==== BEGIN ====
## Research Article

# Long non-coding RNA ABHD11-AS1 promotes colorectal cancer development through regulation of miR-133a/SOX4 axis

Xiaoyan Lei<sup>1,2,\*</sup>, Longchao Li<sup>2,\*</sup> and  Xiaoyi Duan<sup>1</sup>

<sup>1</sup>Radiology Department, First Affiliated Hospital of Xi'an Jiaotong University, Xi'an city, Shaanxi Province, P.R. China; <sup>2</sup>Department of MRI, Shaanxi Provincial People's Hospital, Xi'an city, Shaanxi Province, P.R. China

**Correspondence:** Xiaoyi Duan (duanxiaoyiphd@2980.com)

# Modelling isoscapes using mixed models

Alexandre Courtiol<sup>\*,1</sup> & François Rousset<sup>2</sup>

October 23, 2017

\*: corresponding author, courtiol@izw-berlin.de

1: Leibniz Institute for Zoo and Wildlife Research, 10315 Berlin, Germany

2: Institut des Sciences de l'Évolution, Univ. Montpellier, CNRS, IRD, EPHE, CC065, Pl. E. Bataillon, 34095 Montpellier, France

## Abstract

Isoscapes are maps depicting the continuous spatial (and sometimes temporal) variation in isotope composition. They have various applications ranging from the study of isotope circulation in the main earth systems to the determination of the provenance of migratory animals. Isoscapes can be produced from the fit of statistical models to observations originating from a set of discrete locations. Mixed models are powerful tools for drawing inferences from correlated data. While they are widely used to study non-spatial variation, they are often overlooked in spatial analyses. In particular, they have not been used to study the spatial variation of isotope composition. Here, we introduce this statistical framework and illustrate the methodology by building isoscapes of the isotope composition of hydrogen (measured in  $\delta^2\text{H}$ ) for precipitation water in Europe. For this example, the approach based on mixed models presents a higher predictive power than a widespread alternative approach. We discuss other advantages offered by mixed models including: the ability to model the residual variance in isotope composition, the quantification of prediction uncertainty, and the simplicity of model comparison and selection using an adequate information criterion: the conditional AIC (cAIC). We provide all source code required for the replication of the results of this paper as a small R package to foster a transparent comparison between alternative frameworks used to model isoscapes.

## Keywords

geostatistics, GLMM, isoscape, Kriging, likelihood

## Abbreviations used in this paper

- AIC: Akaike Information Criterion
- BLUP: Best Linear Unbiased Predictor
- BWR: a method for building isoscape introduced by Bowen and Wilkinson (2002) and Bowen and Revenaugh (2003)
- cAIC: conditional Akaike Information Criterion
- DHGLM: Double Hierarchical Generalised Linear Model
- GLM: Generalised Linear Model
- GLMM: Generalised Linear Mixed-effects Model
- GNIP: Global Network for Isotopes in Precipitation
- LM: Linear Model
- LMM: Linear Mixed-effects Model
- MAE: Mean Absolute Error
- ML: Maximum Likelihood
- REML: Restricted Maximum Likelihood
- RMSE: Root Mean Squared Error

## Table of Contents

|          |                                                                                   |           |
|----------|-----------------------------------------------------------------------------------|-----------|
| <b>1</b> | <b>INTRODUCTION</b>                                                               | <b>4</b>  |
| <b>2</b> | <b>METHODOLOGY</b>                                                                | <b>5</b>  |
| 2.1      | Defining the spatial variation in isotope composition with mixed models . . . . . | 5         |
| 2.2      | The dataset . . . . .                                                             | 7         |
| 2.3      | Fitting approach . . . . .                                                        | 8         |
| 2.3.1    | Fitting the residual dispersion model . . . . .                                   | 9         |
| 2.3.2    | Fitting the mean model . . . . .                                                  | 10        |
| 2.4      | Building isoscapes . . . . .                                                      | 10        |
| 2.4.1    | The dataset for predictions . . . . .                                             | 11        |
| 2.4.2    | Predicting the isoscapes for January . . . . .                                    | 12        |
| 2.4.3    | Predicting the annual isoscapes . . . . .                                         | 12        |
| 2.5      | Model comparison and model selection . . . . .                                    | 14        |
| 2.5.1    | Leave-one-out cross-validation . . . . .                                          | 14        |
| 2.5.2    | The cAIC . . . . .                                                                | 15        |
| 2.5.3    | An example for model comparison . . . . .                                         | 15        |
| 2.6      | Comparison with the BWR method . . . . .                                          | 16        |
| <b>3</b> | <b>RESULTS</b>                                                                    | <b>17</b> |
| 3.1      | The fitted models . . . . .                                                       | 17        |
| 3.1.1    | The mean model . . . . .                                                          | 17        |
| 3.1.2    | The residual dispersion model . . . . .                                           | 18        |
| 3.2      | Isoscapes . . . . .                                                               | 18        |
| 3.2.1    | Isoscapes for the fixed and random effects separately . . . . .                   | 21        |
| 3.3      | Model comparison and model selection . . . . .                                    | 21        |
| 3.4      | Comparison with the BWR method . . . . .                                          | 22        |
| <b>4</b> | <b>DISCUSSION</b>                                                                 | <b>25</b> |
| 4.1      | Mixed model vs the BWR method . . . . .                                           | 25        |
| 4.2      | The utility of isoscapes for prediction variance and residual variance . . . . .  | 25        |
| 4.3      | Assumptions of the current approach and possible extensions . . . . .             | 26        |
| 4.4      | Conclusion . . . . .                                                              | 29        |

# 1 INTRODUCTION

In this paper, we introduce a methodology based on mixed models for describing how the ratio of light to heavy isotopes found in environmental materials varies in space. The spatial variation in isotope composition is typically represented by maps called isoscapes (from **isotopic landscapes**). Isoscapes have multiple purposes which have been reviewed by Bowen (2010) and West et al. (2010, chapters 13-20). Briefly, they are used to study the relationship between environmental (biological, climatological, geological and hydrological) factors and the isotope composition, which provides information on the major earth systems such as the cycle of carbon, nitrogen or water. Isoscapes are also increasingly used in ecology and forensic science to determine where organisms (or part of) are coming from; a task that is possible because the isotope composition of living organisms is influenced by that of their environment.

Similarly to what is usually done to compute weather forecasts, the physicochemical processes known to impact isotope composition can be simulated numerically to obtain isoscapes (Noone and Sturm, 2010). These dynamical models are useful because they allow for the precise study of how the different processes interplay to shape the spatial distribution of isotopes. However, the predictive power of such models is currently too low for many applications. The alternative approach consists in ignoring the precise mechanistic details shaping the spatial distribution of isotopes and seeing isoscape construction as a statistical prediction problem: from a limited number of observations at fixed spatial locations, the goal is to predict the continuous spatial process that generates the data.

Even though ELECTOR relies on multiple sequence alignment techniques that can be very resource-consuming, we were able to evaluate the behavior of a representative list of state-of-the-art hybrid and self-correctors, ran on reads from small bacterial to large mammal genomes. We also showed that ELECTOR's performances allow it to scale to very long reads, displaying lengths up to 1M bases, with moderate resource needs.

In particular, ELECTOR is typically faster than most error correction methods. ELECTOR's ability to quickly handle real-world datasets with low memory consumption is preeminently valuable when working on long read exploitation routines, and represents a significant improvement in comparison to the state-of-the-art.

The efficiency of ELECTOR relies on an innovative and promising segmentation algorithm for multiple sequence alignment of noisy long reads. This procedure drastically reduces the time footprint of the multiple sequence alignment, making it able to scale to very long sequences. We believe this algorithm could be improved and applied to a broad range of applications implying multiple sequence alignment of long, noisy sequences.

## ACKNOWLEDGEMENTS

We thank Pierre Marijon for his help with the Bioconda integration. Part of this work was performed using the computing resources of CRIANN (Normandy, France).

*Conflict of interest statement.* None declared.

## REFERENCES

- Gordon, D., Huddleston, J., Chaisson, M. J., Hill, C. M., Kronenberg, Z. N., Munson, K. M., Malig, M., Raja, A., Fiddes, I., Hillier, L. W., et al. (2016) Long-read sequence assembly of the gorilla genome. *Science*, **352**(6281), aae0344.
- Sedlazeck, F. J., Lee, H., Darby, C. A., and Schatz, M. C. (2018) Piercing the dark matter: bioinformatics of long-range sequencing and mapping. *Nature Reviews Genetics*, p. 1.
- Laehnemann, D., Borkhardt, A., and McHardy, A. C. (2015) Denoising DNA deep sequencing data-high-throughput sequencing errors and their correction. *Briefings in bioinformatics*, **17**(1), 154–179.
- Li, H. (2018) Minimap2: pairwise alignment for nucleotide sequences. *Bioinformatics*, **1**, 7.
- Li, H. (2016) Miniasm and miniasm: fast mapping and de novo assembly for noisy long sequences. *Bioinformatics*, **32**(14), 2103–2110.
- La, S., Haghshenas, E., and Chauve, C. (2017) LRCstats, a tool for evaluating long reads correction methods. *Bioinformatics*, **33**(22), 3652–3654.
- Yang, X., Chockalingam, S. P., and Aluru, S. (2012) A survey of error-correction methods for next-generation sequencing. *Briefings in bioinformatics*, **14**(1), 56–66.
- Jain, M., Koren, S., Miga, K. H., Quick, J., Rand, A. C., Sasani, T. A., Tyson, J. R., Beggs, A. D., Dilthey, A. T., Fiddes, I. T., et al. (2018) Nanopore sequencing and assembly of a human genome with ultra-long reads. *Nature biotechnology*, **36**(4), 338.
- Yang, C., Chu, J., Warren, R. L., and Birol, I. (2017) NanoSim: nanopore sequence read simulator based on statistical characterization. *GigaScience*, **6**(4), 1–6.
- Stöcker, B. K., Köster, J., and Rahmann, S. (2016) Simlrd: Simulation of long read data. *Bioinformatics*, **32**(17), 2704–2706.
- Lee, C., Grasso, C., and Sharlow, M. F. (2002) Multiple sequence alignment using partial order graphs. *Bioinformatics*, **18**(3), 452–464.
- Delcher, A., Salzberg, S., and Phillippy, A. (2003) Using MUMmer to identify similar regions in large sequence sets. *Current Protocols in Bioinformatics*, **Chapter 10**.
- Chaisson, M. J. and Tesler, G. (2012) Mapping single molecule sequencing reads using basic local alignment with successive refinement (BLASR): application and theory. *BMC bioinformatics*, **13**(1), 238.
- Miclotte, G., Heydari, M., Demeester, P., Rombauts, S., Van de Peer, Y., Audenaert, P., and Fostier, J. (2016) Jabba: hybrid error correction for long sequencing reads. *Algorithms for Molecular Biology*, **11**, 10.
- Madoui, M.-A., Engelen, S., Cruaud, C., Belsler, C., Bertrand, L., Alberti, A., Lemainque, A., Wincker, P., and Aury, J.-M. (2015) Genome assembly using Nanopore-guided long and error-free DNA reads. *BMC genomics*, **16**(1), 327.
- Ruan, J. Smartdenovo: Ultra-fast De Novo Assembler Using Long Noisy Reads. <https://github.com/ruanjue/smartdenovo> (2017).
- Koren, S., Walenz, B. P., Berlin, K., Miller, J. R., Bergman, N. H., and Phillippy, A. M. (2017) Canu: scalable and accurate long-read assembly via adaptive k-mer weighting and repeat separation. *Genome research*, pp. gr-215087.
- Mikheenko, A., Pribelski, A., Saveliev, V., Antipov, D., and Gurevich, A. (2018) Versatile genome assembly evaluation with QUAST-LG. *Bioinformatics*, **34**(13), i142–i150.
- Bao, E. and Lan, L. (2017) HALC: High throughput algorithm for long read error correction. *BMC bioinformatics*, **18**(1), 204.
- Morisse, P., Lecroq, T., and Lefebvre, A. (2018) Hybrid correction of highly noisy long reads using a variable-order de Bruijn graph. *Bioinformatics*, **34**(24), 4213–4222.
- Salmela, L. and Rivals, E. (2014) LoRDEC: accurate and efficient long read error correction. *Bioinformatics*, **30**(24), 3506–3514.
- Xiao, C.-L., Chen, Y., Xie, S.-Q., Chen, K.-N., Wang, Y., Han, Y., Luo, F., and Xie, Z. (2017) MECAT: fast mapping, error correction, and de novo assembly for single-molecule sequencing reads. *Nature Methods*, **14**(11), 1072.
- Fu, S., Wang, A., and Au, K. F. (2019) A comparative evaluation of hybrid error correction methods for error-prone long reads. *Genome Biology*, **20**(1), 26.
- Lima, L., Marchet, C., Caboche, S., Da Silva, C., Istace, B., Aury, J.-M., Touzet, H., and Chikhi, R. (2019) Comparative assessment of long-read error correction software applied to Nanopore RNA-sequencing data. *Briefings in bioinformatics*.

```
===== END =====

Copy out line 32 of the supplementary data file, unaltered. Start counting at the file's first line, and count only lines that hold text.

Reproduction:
|          |                                                                                   |           |